The rooms all over the compound are being rented out.  Some small storage areas have been converted to rooms for single African men.  Small houses are available for families to live in.  A library and study rooms for school children occupies most of one building.  Pastor Nkosi is staying in the guest house while his house is being built, two German girls who volunteer at the School for Handicapped children are in the guest house apartment, and then there are the ten of us.

Lazarus, the old Massey tractor was started and a few jobs were done with it, but a leaky fuel pump kept us from working it too hard.

An old tractor powered hammer mill was checked out and deemed ready to make corn meal flour.

The pork project, which was only a dream 3 years ago, is now up and running in the old hog barns.  There are also pigs at the school, and Mxolisi has been hired to manage that project.  He still has a lot to learn, but we must think back to how our grandfathers raised pigs to understand the level they are at.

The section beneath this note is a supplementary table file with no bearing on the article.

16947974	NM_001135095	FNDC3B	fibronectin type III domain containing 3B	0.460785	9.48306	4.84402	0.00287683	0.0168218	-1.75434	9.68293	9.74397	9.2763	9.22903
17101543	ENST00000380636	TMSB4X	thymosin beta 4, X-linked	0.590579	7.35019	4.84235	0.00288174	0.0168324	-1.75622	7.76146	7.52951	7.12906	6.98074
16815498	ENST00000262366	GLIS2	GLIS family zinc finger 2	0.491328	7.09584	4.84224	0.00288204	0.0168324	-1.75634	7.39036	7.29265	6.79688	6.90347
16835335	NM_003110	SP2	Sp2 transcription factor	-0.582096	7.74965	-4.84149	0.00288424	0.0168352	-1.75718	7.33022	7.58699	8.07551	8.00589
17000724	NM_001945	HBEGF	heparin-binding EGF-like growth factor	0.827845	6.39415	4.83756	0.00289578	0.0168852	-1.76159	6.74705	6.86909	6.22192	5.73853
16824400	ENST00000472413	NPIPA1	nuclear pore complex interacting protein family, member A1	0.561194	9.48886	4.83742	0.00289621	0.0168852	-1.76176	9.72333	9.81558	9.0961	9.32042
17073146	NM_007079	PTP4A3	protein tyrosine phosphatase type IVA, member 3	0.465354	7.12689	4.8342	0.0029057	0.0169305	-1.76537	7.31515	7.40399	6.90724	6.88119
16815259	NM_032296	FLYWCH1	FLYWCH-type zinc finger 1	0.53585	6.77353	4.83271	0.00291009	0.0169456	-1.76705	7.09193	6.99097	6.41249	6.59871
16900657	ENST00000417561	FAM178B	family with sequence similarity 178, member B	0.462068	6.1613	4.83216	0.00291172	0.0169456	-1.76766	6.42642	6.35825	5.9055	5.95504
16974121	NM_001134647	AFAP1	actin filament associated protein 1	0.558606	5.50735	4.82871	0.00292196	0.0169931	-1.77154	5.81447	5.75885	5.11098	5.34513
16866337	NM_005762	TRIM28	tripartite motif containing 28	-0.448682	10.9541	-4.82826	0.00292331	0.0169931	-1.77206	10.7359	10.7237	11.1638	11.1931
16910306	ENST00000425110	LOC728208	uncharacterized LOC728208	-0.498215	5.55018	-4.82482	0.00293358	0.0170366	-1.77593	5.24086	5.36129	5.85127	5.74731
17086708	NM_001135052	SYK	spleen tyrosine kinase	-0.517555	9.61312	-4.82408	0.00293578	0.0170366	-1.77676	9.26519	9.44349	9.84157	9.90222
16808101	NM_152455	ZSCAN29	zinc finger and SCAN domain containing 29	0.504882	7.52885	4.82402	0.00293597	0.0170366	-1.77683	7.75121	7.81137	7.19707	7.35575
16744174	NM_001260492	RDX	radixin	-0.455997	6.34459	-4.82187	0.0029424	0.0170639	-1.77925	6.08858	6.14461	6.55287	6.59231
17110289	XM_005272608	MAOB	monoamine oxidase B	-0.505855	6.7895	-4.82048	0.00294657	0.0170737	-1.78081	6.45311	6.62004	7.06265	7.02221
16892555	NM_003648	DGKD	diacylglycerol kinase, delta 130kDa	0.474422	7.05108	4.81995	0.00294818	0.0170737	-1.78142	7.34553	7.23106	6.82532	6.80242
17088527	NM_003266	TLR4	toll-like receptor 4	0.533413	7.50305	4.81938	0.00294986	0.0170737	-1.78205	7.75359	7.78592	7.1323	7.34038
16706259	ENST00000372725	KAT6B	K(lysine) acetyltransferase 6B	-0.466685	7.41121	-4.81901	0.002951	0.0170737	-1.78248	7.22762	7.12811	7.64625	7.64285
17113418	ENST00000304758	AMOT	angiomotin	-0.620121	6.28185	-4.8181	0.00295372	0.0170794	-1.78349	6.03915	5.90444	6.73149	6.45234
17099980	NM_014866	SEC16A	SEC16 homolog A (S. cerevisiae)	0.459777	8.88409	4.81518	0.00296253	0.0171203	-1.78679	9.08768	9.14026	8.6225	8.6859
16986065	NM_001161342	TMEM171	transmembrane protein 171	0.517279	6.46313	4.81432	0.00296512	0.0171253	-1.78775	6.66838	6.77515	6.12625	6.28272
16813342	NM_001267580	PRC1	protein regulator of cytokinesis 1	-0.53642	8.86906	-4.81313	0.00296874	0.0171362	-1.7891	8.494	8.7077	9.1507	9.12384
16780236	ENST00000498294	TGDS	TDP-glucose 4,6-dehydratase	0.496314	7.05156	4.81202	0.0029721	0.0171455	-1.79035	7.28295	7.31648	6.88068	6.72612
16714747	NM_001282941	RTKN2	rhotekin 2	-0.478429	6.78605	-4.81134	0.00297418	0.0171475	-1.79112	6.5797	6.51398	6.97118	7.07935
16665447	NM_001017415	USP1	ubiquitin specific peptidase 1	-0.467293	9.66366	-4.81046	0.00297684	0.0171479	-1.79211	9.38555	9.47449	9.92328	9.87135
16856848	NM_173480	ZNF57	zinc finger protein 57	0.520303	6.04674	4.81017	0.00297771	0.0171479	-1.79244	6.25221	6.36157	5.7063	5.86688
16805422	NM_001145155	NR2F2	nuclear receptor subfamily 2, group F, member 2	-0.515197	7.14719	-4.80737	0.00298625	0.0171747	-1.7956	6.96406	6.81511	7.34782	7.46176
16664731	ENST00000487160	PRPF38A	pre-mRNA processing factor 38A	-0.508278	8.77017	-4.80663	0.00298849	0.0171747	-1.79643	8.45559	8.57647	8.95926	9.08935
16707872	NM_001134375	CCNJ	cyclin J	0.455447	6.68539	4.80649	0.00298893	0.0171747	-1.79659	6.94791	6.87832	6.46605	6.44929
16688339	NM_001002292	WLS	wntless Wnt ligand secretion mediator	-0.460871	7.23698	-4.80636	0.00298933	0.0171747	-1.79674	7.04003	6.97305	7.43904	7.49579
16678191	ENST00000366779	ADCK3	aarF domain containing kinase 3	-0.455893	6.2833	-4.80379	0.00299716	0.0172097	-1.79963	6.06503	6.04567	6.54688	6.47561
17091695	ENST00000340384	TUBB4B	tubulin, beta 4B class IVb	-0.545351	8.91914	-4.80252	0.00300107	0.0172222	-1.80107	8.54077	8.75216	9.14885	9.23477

Pastor Nkosi is hoping to resurrect a chicken rearing operation that was started and then abandoned after a wind storm damaged the buildings.  Because the operation was not guarded, some of the equipment has disappeared, but the bones of the operation are still there.

A new enterprise is in the building stage.  Just west of the centre’s compound a Community Centre and Rental Rondavels are being built.  For now there are just four rondavels, but more are possible if these work out.

There are plans a brewing, and deeds being done to help keep the activities of the circuit going.  The people of the Ondini Circuit are not standing still, they are trying, and we wish them the best.



On to Ondini
August 20, 2017, 6:35 am